Saturday, 6 August 2011

Folder Layout & Document Presentation

***Amended 7th August.  Following advice from those in the know, I have changed the folder to a smaller more manageable flexible plastic one.  I have also removed all of the photocopies and will submit those in a separate folder in the same layout.  The reason being that if the folder is too large to fit inside the VFS jiffy bag used to send it to the embassy, then there is a chance the staff will remove the documents from the folders which could affect the order and presentation***

With five weeks to go until I return to Thailand.  The TB test and all of the legal requirements are taken care of.  There's not much more I can do from the UK, other than compile the documents and evidence which I have with me here and organise them into my wife's settlement visa folder.

For the layout I have decided to split the folder into eight sections.  Each section will be labelled, indexed and separated by dividers.  A main contents page at the front will make it easy for the embassy staff to find whatever they need.  At the beginning of the larger more detailed sections, for example the financial, accommodation and evidence, I have written an overview explaining what is included in that section.

No doubt there may be some changes made before submission and there are some things I have yet to complete e.g. my sponsor letter, on-line application, plus the addition of translations and any documents from Thailand.  But so far the layout is as follows:-

Section 1Introduction

  • Cover letter from applicant
  • Cover letter from sponsor

Section 2Application Form

  • Printout of completed online application form VAF4A

Section 3Applicant Key Documents

  • Current Passport
  • Previous Passport
  • ID Card (Photocopy)
  • Thai marriage certificate + English translation
  • Name change certificate + English translation
  • Tabien Baan house book (photocopy)
  • Financial status, Bank of Ayudhya bank book, Bank of Ayudhya applicant/sponsor joint bank account book
  • Employment history

Section 4Sponsor Key Documents

  • Copy passport certified by UK based solicitor
  • Birth Certificate
  • Copy of Thai marriage certificate
  • Copy of certified Affirmation of Freedom to Marry

Section 5TB Test & English Language Requirement

  • TB Test certificate issued by IOM Bangkok
  • BULATS English test certificates issued by Vantage Siam Bangkok (A1 + B1 levels achieved)
Section 6Sponsor Financial Status

  • Financial status overview
  • Six months salary slips + P60's dated 2010 & 2011
  • Annual bonus confirmation letter
  • Letter from current employer
  • Confirmation letter of 2011 pay increase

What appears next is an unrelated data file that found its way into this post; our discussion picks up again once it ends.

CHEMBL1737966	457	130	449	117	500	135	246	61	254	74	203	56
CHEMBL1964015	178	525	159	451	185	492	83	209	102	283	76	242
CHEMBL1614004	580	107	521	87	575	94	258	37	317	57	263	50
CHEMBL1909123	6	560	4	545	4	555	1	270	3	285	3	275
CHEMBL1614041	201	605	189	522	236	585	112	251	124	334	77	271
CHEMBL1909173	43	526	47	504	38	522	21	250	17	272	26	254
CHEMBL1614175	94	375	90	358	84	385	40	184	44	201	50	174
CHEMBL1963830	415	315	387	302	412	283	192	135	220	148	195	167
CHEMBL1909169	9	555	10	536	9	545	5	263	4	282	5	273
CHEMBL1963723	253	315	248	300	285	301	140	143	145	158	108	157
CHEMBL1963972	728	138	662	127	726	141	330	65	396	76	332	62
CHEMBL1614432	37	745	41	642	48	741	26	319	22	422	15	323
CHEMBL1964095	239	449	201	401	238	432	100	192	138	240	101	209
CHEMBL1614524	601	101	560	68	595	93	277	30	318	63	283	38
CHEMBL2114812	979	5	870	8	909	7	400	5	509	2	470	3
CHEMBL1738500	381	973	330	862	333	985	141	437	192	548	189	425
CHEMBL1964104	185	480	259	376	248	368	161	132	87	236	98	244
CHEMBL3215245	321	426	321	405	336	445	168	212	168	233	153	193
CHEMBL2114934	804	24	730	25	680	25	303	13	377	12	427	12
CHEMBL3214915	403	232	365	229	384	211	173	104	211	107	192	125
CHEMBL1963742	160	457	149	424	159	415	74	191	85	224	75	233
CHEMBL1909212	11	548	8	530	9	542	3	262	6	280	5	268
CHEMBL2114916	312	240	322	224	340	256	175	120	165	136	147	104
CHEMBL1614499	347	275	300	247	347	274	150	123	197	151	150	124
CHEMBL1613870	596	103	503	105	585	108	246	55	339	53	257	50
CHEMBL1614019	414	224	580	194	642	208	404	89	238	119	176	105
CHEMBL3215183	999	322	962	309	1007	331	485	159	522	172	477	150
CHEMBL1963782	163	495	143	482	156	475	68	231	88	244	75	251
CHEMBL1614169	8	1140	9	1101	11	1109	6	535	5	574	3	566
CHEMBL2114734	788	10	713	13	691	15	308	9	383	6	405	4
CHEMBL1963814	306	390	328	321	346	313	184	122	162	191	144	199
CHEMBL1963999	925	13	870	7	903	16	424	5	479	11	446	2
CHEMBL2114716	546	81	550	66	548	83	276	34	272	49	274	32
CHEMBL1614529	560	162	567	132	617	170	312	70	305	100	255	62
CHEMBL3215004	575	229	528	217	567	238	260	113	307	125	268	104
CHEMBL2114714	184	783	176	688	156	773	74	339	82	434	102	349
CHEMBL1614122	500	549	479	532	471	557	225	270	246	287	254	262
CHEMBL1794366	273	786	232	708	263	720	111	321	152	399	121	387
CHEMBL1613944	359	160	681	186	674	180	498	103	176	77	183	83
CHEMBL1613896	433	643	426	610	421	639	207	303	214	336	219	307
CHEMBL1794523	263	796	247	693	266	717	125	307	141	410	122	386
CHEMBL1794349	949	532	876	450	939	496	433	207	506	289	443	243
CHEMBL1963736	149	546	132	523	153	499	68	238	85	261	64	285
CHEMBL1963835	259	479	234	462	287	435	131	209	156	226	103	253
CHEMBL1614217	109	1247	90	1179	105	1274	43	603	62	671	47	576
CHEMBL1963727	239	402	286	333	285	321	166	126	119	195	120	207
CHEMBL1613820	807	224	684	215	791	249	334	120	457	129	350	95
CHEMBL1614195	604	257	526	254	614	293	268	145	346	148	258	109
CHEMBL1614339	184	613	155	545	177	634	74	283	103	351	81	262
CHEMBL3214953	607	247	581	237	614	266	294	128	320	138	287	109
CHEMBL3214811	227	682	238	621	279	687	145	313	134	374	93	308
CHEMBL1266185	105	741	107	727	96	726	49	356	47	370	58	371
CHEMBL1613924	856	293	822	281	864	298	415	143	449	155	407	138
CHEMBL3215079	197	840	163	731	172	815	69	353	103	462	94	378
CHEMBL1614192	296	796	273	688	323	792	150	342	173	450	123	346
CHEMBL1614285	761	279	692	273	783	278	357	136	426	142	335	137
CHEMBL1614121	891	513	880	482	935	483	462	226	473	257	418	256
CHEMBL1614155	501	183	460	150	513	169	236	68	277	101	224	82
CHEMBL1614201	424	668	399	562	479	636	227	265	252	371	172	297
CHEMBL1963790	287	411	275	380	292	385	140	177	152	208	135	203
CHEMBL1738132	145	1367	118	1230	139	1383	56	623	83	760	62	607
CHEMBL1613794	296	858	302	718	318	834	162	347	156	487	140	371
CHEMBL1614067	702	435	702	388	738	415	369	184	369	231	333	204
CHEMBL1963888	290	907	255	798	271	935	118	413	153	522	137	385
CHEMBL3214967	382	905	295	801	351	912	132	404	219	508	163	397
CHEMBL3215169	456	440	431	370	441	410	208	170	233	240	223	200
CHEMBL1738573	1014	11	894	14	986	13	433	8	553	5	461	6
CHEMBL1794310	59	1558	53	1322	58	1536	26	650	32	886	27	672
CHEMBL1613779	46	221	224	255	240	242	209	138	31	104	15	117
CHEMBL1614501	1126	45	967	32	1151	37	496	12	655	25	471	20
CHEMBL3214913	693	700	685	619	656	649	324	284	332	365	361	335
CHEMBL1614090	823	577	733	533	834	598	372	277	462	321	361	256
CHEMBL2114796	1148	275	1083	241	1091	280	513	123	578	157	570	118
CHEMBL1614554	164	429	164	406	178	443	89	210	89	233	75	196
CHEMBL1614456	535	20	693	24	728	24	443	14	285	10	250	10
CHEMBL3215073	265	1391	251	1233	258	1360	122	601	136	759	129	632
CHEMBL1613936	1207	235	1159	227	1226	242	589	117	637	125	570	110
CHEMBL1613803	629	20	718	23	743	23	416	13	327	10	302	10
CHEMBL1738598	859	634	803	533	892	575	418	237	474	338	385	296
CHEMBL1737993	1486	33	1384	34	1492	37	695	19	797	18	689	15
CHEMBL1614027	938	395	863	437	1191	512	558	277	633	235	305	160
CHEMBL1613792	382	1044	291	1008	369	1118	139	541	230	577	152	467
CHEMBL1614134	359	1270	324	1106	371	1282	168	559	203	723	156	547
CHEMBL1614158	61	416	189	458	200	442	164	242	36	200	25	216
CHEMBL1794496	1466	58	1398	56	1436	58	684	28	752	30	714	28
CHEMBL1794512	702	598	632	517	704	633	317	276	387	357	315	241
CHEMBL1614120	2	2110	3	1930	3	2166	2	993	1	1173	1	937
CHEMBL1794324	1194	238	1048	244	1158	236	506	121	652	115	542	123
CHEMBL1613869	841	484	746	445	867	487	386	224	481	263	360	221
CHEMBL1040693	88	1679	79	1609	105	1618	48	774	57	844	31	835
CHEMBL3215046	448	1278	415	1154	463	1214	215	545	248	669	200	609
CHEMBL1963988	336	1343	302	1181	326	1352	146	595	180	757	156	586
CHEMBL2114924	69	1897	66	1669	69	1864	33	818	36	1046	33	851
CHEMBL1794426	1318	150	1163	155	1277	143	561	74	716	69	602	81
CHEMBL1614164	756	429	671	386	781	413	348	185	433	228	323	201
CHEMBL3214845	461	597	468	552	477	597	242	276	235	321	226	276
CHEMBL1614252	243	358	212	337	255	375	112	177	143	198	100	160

• Savings account statements Feb '11 – present (Acc No 01196228)
  • Current account statements March '11 – present (Acc No 02432952)
  • Latest credit card statement showing balance & available credit

Section 7Accommodation

  • Accommodation overview
  • Photographs of accommodation
  • Land Registry Document
  • Floor plan
  • Royal Bank of Scotland mortgage statements 2008-2011
  • Council Tax Bill, City of Sunderland 2011/12
  • Northumbrian Water utility bill 2011/12
  • Npower Gas & Electric utility bill 2011
  • Home insurance policy certificate

Section 8Evidence of Relationship

  • Section overview
  • History of relationship
  • Photographs applicant/sponsor April '10 - Sept '11
  • Boarding passes from sponsors Thailand trips April '10 - Sept '11
  • Copy of sponsors passport pages showing entry stamps into Thailand
  • Boarding passes from joint trips made together applicant/sponsor
  • Hotel receipts
  • Skype sms records sponsor to applicant May '10 - Sept '11
  • itemised telephone invoices, sponsor to applicant
  • Orange home invoices
  • Orange mobile invoices
  • Copy of joint bank account book opened after marriage May '11
  • Western Union money transfer receipts sponsor to applicant June '10 - Sept '11
  • Copy emails, selection May '10 - Sept '11
  • Wedding Greetings cards from family and friends
Presentation of Evidence

Photographs - For the presentation of photographic evidence.  Rather than submitting full albums I have made a selection of pics spanning the duration of our relationship.  Some of the photos have the date digitally stamped in the corner which also helps.  I have arranged them into a kind of timeline format.  I have pasted three or four photos onto individual A4 pages and printed them out.  I will add more in September when I return to Thailand to include our village ceremony and more with the family. But in total I will include maybe twenty pages or around eighty photos.  I may also include the original prints but haven't decided if that is necessary.